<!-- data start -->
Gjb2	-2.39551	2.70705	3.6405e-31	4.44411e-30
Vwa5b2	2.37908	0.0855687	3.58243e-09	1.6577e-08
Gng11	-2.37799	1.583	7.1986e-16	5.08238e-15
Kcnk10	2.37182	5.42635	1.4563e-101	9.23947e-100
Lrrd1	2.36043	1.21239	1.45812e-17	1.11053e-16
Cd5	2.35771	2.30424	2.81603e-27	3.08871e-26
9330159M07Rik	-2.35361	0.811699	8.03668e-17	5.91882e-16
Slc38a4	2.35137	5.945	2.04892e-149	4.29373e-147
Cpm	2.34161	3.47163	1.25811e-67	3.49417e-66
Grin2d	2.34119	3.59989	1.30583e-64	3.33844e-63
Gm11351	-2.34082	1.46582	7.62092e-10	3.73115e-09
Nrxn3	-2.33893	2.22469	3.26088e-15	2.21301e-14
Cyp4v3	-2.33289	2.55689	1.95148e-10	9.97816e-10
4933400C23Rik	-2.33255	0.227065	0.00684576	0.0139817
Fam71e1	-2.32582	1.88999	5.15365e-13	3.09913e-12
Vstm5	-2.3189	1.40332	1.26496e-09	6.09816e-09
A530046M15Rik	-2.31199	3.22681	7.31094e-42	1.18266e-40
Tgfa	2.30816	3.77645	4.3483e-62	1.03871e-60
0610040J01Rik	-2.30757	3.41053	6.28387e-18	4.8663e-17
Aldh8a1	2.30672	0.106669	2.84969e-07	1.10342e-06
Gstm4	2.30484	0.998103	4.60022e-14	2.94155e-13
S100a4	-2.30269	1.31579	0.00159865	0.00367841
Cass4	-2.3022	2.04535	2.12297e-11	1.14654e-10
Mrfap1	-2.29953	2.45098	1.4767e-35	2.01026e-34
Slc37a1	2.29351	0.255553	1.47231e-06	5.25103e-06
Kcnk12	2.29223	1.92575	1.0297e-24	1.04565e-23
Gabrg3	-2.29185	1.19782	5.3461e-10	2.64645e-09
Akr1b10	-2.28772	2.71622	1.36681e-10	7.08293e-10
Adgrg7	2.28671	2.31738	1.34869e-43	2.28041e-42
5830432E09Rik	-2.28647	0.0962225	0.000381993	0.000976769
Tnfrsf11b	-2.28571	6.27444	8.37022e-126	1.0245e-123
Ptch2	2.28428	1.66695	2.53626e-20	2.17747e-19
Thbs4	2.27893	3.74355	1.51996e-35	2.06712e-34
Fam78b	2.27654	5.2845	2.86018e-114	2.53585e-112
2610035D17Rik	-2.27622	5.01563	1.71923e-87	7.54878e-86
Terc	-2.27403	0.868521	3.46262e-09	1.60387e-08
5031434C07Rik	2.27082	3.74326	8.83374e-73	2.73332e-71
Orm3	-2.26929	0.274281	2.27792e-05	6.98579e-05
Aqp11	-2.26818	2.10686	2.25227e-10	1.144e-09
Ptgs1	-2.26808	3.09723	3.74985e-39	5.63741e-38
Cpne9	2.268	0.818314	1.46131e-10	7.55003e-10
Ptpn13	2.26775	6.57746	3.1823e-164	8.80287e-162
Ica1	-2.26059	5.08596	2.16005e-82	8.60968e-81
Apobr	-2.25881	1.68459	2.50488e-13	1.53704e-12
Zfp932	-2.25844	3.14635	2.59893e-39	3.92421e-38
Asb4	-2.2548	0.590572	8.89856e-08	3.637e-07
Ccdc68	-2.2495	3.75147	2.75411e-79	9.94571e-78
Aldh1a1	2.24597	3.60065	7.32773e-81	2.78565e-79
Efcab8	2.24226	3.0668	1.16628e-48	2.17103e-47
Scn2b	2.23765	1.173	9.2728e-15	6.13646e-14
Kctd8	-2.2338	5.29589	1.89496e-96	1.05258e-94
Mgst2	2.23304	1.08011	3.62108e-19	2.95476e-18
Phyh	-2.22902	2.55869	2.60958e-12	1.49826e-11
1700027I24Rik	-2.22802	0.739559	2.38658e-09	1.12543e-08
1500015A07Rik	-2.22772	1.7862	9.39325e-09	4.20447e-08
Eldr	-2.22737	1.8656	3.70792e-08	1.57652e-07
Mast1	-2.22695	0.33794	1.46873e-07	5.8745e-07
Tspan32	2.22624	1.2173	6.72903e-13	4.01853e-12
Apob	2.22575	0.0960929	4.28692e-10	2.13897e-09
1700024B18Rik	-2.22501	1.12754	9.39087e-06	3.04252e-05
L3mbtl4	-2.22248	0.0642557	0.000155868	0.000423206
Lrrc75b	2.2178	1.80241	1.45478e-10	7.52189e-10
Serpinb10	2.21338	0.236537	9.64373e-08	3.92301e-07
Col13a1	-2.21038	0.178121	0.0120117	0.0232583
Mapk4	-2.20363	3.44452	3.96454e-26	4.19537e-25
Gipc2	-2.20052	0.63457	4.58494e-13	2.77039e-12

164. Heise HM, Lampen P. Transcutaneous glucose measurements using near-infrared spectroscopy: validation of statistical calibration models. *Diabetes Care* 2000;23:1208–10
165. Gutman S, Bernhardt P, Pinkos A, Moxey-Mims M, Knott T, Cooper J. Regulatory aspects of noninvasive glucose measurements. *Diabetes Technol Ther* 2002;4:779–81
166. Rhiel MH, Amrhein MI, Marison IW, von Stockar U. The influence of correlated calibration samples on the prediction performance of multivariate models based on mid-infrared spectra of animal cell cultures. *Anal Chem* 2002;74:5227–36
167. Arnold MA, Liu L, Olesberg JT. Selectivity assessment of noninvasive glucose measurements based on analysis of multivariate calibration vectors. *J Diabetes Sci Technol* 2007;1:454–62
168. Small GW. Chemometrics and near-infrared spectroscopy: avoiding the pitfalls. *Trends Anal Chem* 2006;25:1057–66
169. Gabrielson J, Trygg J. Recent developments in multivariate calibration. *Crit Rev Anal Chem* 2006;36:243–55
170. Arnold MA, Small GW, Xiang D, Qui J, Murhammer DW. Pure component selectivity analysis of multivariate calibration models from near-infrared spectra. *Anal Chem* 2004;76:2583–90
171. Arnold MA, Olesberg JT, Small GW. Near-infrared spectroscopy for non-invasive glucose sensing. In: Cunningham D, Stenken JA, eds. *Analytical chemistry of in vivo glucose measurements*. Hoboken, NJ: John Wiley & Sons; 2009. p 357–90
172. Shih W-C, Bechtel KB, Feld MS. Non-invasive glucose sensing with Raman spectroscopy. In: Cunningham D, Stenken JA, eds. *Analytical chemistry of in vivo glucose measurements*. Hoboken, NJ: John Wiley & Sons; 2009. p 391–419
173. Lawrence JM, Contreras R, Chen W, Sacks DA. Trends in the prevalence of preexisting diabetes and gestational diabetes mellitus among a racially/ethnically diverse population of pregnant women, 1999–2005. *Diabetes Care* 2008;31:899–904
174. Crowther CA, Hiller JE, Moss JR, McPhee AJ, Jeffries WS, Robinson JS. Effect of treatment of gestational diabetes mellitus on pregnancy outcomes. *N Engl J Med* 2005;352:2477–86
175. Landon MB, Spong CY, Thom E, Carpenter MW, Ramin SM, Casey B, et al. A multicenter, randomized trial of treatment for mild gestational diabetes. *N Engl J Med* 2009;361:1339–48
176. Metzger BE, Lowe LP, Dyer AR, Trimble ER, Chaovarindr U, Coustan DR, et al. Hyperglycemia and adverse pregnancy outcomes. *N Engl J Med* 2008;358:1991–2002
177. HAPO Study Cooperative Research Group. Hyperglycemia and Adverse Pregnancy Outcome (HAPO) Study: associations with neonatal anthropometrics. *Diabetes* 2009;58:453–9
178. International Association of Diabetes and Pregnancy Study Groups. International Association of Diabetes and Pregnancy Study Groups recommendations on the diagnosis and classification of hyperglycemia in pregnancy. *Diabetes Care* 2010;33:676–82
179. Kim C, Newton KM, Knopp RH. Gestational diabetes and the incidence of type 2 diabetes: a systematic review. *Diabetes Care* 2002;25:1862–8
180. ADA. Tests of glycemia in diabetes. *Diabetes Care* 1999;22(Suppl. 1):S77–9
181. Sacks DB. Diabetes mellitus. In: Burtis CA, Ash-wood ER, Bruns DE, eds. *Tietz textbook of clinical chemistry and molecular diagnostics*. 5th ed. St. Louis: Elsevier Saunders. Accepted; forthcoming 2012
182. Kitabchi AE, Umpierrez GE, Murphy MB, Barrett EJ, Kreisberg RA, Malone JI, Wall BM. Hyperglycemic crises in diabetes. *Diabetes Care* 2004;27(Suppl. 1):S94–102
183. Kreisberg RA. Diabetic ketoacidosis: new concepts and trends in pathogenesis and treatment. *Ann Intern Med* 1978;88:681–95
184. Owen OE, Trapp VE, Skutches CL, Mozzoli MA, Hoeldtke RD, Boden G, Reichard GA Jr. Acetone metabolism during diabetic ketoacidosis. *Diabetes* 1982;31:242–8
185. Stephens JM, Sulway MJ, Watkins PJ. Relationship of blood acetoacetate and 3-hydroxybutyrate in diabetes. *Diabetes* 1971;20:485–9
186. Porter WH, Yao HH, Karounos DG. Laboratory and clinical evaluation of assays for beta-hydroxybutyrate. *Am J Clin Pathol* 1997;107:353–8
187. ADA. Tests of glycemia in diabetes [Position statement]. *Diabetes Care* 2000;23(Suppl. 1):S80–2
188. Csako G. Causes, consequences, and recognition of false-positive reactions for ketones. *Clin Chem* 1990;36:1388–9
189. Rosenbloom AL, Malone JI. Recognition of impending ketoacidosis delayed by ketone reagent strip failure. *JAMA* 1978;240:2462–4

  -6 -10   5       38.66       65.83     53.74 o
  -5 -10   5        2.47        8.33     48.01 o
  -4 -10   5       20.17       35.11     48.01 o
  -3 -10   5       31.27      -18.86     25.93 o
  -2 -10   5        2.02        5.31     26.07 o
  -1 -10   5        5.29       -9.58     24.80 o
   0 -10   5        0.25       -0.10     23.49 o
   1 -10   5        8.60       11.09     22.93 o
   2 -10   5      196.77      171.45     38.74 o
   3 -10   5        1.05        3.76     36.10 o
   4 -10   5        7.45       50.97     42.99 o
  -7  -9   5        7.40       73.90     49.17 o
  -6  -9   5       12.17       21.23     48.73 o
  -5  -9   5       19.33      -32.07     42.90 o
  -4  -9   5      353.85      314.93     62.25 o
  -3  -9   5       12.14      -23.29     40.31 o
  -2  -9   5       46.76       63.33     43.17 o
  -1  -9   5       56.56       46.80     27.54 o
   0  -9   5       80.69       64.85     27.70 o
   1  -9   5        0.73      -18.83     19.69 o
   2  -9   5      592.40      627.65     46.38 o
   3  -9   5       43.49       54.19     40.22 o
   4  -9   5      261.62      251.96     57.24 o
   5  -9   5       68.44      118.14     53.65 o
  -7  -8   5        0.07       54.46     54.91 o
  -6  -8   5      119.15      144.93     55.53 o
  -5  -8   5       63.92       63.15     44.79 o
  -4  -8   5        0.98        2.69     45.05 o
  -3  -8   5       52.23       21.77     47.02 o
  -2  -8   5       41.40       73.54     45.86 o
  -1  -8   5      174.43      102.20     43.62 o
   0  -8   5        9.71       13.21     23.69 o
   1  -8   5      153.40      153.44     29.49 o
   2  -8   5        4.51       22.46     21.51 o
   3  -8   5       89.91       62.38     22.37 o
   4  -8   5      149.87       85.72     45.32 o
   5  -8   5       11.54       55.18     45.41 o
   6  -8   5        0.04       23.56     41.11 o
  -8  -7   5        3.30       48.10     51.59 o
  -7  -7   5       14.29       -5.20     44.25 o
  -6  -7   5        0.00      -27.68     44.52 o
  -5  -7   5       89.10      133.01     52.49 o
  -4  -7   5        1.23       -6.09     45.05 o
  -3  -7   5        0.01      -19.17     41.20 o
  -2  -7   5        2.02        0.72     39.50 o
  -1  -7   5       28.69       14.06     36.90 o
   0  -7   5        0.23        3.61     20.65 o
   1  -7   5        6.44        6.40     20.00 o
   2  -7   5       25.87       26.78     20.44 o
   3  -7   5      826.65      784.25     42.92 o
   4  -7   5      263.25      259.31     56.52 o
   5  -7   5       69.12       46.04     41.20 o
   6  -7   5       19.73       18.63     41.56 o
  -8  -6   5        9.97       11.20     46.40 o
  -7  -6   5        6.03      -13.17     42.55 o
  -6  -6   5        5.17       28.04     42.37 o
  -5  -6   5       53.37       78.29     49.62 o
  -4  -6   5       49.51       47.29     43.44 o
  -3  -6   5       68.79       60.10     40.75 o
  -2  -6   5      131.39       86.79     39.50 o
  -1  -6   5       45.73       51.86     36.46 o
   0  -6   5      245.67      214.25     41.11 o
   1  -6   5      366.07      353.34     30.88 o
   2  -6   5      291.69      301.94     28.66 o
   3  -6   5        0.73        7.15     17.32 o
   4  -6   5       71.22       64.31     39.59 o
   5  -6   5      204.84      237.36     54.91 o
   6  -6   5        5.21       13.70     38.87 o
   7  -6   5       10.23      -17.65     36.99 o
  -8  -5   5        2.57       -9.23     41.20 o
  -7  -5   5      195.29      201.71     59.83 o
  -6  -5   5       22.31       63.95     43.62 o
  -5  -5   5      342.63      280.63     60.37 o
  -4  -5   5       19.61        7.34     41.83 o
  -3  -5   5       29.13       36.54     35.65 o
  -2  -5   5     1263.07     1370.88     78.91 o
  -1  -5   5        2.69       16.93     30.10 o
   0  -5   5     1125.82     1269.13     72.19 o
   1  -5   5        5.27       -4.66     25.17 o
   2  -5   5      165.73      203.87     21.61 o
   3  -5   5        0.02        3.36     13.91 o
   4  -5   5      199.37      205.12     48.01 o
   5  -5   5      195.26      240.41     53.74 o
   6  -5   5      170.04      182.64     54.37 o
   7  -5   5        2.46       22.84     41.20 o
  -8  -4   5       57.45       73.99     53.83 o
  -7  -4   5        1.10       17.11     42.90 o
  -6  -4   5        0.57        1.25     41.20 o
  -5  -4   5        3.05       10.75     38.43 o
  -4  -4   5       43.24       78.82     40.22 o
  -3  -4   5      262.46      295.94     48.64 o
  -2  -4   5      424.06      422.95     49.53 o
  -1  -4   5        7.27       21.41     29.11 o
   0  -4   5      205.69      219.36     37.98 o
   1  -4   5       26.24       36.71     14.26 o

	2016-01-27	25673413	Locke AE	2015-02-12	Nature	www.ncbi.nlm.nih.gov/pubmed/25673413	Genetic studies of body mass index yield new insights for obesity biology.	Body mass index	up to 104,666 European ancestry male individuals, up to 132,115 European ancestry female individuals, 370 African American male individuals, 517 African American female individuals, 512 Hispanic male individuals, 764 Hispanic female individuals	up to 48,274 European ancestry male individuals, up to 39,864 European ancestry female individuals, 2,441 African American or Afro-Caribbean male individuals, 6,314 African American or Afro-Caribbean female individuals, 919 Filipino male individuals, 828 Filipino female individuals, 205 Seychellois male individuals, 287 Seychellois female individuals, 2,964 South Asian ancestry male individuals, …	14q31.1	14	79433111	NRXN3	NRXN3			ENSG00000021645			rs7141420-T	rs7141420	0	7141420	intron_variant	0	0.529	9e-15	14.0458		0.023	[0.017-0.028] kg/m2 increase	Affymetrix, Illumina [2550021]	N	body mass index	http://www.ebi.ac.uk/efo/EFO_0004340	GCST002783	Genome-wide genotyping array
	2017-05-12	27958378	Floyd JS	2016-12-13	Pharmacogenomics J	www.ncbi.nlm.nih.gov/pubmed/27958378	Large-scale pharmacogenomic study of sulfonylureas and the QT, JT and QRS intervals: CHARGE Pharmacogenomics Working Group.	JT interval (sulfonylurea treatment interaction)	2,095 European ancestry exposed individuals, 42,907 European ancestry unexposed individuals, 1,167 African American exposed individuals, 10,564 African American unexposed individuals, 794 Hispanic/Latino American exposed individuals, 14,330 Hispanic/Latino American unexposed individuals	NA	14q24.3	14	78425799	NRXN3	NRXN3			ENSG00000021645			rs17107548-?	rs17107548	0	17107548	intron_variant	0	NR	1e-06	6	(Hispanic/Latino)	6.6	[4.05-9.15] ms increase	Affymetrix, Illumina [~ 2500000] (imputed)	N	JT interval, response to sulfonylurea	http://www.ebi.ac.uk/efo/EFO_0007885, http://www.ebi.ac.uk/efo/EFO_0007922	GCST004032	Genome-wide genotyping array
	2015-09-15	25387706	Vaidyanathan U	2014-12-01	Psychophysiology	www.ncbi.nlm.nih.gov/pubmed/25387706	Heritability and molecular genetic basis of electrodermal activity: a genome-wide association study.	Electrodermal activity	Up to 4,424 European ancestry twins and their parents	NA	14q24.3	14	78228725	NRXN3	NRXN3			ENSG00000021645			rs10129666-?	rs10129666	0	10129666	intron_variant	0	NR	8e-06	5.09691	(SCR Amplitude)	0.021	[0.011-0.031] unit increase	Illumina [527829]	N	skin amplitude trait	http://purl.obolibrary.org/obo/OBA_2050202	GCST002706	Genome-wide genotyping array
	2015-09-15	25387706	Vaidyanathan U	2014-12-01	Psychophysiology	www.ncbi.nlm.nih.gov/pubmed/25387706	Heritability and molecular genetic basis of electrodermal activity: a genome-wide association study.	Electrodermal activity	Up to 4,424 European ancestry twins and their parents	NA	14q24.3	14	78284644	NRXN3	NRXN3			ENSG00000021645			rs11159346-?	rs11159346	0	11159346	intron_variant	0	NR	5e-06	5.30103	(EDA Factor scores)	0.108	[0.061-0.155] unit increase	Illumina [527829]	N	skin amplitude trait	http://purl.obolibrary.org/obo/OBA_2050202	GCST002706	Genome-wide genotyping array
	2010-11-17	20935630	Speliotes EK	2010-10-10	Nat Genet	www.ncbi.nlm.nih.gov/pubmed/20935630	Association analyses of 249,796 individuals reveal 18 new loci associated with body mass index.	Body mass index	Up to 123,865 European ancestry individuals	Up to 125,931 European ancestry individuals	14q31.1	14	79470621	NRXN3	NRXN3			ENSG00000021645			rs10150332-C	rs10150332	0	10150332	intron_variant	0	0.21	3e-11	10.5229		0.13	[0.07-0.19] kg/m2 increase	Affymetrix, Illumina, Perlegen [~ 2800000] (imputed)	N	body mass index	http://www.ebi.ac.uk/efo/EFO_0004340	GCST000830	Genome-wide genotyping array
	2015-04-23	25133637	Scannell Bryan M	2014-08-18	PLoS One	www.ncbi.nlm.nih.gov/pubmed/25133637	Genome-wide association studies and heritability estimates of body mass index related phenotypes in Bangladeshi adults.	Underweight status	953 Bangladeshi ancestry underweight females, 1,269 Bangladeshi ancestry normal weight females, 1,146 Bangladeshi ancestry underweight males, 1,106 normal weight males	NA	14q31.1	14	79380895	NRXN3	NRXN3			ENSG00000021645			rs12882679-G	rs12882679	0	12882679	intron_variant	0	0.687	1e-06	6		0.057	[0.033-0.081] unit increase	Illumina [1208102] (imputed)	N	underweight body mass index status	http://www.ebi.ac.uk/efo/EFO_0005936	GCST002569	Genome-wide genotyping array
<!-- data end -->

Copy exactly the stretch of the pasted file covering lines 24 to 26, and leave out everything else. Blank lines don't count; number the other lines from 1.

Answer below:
Mrfap1	-2.29953	2.45098	1.4767e-35	2.01026e-34
Slc37a1	2.29351	0.255553	1.47231e-06	5.25103e-06
Kcnk12	2.29223	1.92575	1.0297e-24	1.04565e-23